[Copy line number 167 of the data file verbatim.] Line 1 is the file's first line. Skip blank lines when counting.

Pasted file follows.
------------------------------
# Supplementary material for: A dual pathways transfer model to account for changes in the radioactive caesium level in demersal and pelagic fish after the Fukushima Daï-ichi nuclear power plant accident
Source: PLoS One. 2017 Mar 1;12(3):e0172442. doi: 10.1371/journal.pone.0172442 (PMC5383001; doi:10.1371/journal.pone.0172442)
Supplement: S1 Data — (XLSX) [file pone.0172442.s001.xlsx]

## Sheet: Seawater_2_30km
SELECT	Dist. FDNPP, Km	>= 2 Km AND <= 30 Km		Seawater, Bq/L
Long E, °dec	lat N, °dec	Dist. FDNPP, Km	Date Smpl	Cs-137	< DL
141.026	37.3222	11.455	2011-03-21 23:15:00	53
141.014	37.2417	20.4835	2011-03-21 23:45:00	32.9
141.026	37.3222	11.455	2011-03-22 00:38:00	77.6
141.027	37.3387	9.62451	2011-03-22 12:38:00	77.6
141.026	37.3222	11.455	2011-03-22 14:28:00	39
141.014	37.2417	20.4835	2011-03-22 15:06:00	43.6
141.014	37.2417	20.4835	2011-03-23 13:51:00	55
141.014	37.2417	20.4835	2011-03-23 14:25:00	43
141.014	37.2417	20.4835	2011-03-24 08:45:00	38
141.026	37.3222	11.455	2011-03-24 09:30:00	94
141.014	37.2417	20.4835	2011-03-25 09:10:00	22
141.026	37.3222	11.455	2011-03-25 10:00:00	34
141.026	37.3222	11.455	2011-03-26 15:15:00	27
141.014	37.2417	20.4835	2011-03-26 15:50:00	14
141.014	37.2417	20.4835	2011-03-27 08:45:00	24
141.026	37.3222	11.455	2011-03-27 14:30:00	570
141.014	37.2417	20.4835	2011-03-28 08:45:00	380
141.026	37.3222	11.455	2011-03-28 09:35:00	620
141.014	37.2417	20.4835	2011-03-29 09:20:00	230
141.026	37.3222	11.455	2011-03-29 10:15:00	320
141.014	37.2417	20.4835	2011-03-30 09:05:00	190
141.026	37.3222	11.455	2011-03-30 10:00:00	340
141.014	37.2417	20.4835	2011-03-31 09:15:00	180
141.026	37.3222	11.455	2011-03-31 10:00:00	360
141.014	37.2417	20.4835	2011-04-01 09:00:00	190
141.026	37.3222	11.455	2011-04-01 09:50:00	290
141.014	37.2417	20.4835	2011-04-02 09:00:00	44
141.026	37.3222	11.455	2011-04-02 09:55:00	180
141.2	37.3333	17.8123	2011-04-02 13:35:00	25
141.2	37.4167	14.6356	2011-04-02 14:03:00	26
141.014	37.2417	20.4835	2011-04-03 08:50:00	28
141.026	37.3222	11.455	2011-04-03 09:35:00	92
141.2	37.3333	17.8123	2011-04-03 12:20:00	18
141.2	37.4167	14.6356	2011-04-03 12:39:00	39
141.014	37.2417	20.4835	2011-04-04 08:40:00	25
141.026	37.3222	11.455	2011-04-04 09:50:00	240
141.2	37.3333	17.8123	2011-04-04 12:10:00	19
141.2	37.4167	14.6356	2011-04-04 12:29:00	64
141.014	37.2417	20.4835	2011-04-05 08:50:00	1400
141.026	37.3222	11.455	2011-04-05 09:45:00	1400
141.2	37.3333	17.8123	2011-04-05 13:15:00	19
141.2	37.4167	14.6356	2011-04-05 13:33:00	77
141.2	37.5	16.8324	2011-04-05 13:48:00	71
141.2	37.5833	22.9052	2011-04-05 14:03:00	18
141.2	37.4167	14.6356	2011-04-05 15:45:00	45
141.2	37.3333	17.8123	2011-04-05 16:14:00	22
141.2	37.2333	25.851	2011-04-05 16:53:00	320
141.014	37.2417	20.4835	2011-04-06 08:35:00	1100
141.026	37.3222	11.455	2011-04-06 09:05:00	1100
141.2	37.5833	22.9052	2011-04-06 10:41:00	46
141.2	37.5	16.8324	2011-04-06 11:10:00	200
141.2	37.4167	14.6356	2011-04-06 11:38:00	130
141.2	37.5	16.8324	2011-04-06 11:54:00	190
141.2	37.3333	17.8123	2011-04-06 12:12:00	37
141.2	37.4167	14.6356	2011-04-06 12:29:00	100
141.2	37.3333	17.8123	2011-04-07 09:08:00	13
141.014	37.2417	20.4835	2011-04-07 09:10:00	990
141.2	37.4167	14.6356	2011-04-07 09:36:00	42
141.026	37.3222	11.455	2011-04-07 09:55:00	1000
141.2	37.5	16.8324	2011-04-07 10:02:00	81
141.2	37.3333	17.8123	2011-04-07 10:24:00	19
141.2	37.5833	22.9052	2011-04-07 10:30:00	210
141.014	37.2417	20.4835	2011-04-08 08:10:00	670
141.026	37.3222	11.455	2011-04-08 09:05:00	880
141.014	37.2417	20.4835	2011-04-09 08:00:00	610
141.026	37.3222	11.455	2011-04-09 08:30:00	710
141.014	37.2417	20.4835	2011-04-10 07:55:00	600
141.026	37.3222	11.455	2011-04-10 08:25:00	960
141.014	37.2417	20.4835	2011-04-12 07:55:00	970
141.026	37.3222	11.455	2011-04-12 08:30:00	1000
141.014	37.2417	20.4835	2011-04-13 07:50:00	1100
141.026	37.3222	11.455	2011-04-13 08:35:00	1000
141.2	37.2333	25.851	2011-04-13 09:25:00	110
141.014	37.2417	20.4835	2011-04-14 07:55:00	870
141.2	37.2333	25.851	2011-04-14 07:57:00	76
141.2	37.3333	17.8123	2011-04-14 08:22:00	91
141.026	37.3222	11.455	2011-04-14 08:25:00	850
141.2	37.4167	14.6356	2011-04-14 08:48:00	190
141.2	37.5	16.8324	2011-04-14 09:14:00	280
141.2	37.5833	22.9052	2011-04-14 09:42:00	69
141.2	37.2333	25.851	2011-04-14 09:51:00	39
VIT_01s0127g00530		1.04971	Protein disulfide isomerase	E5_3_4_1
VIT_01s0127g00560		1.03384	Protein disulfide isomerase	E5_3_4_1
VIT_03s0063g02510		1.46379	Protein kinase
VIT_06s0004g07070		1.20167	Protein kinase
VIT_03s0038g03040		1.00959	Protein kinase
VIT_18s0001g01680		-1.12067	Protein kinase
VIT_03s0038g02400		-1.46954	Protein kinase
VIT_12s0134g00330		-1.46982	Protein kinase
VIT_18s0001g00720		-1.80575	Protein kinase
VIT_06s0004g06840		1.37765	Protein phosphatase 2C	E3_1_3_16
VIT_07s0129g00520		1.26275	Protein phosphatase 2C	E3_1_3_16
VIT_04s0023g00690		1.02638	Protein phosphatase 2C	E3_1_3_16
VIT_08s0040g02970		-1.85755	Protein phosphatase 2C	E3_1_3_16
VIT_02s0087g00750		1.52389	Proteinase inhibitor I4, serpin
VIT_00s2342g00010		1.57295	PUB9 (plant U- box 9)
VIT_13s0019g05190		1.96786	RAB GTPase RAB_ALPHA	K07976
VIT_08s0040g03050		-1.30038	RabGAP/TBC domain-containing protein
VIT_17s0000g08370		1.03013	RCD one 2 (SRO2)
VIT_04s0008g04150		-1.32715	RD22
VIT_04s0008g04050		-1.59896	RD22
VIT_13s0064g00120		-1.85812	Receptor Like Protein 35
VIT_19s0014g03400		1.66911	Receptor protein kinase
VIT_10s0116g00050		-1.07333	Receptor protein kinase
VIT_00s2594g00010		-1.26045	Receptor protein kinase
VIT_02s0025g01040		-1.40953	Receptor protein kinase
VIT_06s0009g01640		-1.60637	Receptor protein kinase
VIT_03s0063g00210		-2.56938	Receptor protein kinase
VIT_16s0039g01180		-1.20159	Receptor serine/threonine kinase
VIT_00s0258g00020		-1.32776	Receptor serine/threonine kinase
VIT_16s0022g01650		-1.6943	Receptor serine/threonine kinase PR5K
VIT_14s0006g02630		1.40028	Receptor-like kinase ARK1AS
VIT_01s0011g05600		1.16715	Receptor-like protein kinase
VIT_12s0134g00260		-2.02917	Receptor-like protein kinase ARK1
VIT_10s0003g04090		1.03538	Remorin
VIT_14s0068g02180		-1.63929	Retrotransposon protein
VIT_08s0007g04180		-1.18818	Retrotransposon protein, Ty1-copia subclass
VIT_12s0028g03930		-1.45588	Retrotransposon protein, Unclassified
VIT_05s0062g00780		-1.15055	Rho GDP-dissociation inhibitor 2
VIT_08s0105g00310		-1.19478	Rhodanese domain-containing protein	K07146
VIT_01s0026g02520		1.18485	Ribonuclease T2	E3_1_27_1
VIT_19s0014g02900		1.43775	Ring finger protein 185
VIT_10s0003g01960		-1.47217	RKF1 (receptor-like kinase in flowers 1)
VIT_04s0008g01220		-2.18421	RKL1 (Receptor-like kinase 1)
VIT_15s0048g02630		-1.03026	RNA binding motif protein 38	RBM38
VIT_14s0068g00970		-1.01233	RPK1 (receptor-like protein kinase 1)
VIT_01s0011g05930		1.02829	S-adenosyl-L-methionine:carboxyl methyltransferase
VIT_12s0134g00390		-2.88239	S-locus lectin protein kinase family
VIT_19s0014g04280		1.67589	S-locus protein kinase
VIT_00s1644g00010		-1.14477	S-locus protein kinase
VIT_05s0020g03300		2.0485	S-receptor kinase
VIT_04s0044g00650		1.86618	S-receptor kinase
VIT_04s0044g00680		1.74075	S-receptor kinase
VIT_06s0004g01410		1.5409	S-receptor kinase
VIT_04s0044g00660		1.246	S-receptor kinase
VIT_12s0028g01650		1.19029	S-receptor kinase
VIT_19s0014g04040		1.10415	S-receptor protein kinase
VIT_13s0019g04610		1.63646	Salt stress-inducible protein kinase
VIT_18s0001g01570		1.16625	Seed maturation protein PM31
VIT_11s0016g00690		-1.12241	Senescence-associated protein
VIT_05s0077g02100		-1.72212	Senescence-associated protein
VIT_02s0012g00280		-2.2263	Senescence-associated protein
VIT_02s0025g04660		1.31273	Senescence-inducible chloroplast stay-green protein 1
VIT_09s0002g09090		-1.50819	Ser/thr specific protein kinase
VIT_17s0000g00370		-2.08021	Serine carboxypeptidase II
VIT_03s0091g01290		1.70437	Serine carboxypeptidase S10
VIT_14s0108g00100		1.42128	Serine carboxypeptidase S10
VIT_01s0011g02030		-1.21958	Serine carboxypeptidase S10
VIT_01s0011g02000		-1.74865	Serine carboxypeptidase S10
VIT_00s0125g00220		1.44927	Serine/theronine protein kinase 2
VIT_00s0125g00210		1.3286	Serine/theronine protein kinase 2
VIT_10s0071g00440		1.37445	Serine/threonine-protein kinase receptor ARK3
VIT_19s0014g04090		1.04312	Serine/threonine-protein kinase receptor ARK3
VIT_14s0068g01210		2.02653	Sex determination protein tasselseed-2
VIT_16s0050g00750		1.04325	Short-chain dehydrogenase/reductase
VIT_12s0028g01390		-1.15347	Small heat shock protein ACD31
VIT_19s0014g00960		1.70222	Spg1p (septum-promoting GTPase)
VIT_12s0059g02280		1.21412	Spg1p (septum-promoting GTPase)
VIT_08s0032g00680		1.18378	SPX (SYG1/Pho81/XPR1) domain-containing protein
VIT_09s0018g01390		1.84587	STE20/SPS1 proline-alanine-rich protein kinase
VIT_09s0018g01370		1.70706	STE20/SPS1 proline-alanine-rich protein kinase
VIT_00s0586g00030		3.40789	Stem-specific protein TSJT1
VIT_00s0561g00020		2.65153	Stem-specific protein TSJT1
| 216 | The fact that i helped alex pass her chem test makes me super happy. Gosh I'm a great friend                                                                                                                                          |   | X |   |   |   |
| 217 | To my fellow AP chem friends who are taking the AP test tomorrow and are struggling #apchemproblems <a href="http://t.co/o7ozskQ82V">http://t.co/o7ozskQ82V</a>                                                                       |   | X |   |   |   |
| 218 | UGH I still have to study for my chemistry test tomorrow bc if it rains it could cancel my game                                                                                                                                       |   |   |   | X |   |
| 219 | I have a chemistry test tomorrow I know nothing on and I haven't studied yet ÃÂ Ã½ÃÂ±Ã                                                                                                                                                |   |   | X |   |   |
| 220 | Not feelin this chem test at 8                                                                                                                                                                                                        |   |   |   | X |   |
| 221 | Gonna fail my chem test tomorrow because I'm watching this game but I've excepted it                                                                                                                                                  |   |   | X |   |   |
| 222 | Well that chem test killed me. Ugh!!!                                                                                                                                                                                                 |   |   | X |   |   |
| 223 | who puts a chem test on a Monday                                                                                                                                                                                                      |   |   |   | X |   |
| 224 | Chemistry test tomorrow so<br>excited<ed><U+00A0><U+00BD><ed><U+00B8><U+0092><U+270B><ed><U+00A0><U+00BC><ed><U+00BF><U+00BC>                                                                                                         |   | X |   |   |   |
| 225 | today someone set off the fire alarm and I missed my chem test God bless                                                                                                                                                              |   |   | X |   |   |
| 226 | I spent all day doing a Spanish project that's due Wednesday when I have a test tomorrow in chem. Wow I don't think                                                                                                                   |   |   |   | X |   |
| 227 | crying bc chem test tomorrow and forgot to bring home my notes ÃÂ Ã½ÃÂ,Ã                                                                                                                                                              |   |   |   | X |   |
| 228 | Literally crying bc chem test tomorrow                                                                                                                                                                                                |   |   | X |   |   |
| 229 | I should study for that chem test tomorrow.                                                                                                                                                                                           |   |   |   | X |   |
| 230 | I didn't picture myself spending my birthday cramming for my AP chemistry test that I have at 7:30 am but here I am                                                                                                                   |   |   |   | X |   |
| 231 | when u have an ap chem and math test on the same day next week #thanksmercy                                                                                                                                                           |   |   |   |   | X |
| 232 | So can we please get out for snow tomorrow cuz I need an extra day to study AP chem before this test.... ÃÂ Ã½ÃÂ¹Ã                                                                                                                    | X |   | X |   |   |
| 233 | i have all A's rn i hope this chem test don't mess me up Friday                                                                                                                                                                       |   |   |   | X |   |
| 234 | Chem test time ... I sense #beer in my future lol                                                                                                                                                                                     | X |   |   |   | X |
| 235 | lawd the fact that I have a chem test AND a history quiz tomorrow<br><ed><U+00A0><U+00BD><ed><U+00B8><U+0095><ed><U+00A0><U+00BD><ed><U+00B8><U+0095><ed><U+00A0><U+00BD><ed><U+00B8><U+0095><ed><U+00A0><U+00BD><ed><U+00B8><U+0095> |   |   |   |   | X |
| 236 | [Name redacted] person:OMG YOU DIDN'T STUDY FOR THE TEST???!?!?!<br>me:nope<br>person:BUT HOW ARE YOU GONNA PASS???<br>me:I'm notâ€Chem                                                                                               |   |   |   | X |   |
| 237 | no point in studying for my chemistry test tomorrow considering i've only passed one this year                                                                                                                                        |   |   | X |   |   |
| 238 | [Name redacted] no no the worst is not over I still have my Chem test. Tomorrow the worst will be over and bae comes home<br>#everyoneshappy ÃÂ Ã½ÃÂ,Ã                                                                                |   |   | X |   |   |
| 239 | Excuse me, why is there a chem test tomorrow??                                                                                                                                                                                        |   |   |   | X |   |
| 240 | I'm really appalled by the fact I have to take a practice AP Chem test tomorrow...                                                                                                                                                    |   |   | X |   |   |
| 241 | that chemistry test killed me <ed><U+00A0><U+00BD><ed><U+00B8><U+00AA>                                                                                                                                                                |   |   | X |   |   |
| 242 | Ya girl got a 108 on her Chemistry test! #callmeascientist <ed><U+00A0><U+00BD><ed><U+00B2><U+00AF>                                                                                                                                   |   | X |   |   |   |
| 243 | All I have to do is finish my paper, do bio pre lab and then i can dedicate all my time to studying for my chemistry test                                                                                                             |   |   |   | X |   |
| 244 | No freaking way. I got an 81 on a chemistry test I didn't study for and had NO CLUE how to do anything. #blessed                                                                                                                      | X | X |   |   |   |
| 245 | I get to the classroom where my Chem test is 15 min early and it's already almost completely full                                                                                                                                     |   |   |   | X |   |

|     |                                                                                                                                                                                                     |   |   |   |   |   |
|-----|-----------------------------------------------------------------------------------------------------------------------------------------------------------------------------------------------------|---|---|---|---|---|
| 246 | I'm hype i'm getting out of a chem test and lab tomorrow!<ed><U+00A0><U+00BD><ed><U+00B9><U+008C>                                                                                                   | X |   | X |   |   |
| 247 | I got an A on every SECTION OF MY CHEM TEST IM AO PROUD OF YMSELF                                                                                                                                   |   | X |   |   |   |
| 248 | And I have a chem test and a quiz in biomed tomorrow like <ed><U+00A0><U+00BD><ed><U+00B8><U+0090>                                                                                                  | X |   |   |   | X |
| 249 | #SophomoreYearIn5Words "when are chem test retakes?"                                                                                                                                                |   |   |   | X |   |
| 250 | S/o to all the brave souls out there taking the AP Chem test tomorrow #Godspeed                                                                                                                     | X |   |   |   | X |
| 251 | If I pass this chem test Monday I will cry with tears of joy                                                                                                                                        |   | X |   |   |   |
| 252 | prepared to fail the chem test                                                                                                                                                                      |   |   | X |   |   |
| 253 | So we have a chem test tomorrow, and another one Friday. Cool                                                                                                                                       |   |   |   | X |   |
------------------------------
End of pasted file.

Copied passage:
VIT_09s0018g01370		1.70706	STE20/SPS1 proline-alanine-rich protein kinase